Review: Tom Hanks sticks the landing as 'Sully'

If you need to land an airplane on a river, your first choice is obviously Captain Chesley Sullenberger. If he’s not available, Tom Hanks and his cool, calm, kind demeanor will do nicely.

The Oscar winner plays up his innate everyman ability as the hero pilot of Sully (**½ out of four; rated PG-13; in theaters nationwide Friday), the true-life rescue drama directed by Clint Eastwood. Hanks invokes gravitas, deep introspection and even sly wit as Sullenberger, yet the one thing he can’t make up for is the distinct lack of onscreen danger in what could be considered a decently tame disaster film.

As he did with his deadly Middle East missions in American Sniper, Eastwood puts the audience right in the cockpit crisis, with the captain and first officer Jeff Skiles (Aaron Eckhart) having to make quick decisions when US Airways Flight 1549 flies into a flock of birds, taking out both engines and forcing the pilots to put the plane down on the Hudson.

Expertly acted by Hanks and Eckhart, as well as crafted in veteran fashion by Eastwood, the emergency landing sequence is short but nicely tense, with Sully making overly sure all passengers are safe.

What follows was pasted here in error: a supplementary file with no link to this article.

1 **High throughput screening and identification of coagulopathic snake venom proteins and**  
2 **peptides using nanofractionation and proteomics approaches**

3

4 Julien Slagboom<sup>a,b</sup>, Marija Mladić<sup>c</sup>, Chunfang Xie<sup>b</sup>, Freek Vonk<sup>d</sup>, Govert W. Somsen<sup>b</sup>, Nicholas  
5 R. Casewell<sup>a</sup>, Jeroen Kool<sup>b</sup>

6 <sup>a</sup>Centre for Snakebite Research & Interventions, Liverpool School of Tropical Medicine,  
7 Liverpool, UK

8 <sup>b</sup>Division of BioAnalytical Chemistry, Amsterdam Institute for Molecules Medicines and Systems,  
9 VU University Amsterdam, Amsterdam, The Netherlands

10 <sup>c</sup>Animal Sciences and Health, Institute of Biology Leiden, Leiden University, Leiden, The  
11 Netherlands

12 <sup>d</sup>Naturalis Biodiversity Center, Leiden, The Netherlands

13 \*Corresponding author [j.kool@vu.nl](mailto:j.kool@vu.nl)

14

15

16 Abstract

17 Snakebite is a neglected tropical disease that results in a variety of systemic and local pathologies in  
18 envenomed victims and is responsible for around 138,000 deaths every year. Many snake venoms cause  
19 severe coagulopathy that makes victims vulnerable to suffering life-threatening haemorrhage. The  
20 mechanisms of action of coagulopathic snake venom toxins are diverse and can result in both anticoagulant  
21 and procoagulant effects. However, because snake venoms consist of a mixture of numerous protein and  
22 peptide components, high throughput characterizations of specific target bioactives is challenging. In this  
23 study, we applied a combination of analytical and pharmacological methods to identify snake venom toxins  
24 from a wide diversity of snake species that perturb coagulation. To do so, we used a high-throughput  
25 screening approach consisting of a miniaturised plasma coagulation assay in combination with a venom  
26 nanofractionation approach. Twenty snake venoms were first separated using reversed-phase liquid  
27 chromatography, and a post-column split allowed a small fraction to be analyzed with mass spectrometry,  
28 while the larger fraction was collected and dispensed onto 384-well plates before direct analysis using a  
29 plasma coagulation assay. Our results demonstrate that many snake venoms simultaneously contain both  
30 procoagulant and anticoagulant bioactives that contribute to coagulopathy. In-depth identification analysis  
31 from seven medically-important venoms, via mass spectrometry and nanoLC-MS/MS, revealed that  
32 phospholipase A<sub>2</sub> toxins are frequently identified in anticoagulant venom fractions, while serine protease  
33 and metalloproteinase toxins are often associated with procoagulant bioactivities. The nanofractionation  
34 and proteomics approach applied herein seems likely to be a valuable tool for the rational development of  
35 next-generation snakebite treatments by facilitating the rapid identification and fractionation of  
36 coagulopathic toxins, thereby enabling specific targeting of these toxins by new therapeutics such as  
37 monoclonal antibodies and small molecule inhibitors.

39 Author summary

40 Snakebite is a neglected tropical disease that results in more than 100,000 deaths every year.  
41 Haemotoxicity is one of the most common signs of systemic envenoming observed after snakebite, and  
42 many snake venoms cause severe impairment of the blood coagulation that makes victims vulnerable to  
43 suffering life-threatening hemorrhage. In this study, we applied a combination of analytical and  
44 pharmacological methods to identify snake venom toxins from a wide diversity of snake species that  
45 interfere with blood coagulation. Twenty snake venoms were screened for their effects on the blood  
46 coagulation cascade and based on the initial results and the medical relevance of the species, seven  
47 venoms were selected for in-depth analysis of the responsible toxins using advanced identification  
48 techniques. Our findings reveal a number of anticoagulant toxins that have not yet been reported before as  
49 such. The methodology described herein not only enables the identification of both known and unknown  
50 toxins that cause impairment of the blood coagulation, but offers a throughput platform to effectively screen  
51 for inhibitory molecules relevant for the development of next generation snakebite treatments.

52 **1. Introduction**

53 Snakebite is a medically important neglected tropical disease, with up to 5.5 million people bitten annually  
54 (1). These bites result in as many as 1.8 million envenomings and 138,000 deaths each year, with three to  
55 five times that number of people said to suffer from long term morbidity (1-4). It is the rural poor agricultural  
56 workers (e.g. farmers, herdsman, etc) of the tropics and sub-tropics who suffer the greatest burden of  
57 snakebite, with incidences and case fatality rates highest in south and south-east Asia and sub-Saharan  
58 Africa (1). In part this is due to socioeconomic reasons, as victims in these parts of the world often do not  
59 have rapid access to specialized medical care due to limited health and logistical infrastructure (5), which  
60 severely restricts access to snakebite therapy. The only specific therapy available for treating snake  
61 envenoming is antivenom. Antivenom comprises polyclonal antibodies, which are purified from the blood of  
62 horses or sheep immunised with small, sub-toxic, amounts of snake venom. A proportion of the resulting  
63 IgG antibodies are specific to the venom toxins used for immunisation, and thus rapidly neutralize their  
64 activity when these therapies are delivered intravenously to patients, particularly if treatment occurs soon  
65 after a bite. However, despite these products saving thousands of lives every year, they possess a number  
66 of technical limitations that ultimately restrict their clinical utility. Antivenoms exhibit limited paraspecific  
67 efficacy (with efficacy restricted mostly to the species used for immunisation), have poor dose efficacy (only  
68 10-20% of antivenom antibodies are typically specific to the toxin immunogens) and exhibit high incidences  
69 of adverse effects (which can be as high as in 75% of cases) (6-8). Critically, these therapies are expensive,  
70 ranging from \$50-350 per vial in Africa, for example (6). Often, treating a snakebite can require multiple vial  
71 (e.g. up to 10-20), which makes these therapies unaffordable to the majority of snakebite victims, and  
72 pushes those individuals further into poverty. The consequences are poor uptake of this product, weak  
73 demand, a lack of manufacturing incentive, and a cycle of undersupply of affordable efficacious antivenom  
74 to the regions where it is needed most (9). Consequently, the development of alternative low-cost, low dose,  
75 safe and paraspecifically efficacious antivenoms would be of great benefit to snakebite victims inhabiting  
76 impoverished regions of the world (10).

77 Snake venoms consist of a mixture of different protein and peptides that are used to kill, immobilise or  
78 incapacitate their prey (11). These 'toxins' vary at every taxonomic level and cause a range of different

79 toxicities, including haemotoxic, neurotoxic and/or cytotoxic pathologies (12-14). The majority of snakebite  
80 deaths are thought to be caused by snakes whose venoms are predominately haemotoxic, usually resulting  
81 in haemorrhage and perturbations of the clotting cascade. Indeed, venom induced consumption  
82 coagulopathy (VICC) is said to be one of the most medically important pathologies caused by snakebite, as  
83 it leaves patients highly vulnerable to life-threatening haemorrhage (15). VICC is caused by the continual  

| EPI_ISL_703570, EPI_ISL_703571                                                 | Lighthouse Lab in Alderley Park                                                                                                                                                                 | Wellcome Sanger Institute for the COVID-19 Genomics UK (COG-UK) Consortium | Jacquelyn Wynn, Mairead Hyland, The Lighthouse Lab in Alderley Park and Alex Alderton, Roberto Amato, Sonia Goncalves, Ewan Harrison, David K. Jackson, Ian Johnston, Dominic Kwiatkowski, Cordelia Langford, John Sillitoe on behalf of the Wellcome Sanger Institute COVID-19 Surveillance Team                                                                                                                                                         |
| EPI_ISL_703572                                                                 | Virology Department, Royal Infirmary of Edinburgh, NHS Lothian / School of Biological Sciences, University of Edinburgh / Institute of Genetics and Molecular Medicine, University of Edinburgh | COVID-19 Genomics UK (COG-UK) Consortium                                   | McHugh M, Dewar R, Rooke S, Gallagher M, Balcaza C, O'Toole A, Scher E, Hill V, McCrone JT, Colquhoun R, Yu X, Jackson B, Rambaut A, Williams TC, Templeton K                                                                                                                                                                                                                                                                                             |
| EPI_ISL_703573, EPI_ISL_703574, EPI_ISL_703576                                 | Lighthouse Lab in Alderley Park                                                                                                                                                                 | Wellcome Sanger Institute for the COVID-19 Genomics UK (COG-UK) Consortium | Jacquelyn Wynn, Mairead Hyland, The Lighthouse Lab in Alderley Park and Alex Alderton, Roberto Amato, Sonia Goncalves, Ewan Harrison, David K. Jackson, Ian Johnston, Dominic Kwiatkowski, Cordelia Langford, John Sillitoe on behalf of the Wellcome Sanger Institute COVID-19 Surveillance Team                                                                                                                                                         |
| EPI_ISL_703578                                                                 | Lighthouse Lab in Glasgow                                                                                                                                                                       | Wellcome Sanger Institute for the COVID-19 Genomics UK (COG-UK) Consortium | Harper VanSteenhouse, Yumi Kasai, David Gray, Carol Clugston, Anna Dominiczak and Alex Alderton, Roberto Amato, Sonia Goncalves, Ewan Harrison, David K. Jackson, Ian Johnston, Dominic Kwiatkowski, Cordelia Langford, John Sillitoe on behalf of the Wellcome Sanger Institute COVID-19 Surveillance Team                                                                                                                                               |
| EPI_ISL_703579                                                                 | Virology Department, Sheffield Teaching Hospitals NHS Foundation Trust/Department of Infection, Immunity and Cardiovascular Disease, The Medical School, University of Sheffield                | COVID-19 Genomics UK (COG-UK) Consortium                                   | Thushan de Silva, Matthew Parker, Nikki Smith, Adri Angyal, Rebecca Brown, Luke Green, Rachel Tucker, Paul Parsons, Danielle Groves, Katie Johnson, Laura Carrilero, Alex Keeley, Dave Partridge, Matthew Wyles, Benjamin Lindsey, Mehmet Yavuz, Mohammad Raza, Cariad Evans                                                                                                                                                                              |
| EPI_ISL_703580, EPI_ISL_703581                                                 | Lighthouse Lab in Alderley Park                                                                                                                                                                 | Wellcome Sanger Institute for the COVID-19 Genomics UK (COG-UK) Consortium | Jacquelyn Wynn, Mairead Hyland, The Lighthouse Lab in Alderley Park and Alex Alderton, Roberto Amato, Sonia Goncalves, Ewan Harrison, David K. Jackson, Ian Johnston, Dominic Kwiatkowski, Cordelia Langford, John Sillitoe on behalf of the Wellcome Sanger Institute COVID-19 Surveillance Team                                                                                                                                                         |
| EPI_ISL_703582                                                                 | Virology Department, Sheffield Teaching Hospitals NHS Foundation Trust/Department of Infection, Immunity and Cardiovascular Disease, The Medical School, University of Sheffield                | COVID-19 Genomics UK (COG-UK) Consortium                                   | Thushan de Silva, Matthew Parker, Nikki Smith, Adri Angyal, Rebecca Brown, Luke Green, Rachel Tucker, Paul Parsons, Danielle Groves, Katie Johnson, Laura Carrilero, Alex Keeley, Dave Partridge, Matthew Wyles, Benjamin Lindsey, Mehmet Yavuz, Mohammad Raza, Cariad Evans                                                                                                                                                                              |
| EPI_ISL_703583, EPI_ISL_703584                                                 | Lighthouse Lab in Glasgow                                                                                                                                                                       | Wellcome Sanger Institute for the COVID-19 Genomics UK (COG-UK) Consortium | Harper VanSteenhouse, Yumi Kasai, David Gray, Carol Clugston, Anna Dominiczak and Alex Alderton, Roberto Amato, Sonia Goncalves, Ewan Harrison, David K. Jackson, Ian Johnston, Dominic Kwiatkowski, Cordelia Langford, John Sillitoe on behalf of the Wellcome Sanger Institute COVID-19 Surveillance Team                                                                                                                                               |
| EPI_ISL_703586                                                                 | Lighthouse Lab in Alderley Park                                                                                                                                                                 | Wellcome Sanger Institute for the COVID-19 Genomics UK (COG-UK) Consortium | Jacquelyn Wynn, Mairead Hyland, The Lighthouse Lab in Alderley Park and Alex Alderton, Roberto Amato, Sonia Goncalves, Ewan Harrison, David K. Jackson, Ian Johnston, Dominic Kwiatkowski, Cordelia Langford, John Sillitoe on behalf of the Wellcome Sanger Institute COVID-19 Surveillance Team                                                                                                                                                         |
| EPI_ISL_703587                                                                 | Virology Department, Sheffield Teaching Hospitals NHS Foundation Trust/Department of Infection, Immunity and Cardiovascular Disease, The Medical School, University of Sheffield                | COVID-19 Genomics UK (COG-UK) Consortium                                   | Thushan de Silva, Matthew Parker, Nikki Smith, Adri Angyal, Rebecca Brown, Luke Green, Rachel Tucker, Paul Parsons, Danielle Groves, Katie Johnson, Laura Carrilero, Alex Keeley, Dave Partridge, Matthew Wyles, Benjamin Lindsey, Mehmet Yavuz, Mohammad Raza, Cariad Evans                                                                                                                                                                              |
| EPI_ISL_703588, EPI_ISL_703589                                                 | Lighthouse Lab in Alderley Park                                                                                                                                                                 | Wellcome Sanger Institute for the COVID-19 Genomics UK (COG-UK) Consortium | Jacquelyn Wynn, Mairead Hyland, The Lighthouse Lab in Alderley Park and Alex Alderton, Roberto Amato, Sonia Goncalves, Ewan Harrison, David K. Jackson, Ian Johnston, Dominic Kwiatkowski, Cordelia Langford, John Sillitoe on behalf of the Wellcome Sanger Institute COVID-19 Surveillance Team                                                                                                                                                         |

Instead, most of the film’s conflict occurs in the aftermath: Both pilots are hauled in front of a National Transportation Safety Board, the closest the movie comes to having actual antagonists. They’re seemingly bound and determined to prove that Sully was in error and could have made it to a nearby airport. (The unsubtle message is that the powers-that-be would have rather saved a plane.)

Sully also has a severe case of PTSD, and he’s haunted by what could have happened. Eastwood captures eerie and effective 9/11 imagery in those scenes, plus briefly offers Katie Couric as a chastising foe who shows up in the press-shy good guy's nightmares.

For his part, as he’s done in so many movies (such as last year’s Bridge of Spies), Hanks pulls off the earnest optimism and unassuming humility that made Sullenberger a media darling right after the incident. Eckhart’s Skiles has a little more edge to him, and together they’re a fantastic and often funny duo when the pilots have to defend their actions.

What’s missing most, though, is real conflict. The actual rescue took a quick 24 minutes and was an exercise in impressive efficiency; too much of the movie’s tight 96-minute run time is spent getting to know mostly unnamed passengers whose primary purpose is to be saved by Sully.

While it's not a biopic per se, some of the main character’s backstory — and how this guy was able to steely save all 155 aboard — is hinted at too fleetingly, and what’s learned of his personal life is gleaned haphazardly from teary calls between Sully and his worried wife (Laura Linney).

In some ways, Sully makes the extraordinary almost too ordinary. But when Hanks proclaims to bureaucrats, “We all did it, we all survived,” it’s not hard to feel a little proud re-living a moment of mankind being awesome to each other.


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